The person who is self-harming may feel deep shame and guilt, or may feel confused and worried by their own behaviour. It’s important to approach them with care and understanding. They may not wish to discuss their self-harm with you, but you could suggest that they speak to an anonymous helpline or see their GP.
Source: NHS Choices
- Self-harm – Meeting health professionals @ TheSite.org
Excerpt: Some young people who self-harm will seek help voluntarily through their doctor (GP) youth worker, key worker, school nurse or college counsellor. In many areas there are free young people’s counselling and mental health support services that you can refer yourself to. If you are nervous about making that first contact with a counselling or support service you could ask your GP, another trusted professional, or a friend, to refer you.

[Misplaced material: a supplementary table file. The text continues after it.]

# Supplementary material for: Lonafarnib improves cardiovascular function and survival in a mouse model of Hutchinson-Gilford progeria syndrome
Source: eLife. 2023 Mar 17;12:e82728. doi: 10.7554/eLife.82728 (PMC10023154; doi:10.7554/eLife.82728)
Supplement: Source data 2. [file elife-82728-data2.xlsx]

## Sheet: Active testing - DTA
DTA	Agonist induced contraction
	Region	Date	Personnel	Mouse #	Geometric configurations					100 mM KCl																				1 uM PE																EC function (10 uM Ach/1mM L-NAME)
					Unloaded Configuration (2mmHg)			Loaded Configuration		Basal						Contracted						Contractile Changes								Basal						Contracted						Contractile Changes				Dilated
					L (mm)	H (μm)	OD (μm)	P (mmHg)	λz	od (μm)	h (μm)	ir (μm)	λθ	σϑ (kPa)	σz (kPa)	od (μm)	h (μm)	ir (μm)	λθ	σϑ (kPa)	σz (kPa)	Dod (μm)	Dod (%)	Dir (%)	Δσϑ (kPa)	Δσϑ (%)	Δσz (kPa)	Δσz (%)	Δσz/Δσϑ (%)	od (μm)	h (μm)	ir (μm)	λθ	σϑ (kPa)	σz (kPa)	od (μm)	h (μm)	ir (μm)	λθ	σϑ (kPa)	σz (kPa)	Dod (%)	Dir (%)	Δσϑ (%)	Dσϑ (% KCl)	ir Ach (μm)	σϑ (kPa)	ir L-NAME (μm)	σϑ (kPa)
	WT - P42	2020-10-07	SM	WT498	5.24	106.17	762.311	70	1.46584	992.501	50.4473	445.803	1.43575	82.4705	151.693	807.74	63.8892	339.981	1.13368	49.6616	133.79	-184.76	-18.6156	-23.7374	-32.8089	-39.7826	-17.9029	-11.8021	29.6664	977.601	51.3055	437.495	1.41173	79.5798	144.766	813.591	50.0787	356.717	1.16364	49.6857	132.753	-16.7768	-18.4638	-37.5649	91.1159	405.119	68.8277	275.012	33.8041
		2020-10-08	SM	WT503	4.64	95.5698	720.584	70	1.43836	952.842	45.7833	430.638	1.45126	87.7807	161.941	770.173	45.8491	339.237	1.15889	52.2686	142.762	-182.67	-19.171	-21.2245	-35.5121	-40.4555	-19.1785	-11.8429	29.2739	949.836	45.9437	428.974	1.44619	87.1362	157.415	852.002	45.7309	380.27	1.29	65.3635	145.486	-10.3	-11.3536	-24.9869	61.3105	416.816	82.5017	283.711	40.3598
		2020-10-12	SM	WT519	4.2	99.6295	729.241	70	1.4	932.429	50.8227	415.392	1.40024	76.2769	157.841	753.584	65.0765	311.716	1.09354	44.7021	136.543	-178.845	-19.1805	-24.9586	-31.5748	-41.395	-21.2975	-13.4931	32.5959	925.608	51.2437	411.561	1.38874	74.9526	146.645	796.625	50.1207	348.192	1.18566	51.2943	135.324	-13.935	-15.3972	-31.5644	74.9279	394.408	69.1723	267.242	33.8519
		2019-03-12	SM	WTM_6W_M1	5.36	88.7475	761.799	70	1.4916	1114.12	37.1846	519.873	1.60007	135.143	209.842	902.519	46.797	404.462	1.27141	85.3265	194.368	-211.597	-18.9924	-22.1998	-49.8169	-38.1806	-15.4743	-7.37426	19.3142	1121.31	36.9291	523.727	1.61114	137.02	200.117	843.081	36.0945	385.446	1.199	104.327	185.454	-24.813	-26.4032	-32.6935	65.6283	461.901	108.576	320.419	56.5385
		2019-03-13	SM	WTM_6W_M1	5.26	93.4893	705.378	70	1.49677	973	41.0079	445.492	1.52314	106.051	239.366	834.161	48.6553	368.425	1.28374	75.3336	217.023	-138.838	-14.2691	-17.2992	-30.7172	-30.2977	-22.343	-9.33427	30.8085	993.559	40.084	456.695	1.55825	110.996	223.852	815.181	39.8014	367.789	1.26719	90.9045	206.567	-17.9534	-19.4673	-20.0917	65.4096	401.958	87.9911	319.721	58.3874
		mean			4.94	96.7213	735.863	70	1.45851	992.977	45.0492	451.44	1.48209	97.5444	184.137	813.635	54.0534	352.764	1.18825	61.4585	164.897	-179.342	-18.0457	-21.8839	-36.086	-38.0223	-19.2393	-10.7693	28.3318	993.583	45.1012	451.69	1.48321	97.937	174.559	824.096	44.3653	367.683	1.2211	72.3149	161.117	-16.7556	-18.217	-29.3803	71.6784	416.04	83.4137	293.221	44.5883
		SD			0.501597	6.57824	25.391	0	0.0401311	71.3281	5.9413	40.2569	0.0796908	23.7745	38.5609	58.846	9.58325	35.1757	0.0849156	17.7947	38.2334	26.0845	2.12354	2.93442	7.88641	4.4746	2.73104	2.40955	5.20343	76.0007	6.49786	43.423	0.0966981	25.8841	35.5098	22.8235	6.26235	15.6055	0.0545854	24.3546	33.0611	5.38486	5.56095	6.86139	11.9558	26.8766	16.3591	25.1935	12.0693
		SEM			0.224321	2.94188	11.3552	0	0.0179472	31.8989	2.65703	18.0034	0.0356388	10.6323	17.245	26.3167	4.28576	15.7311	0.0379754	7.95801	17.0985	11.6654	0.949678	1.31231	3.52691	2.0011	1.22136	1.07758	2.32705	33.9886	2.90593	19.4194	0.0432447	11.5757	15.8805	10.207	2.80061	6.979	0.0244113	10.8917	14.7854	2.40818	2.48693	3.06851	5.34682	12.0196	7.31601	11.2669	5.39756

- Understanding self harm @ Mind
Excerpt: You can begin by gently encouraging them to examine their feelings and to talk to someone about why they self-harm. You may find what they have to say difficult to hear. If it feels too much for you, help them to find someone else to talk to. It’s possible to be honest with them about your own feelings and not to panic, blame them, treat them as if they are mad, or make them feel guilty. Being uncritical will help them feel accepted and cared for, instead of even more self-hating. Keep emphasising all the non-harming aspects of the person’s life to help develop and support their sense of self-worth.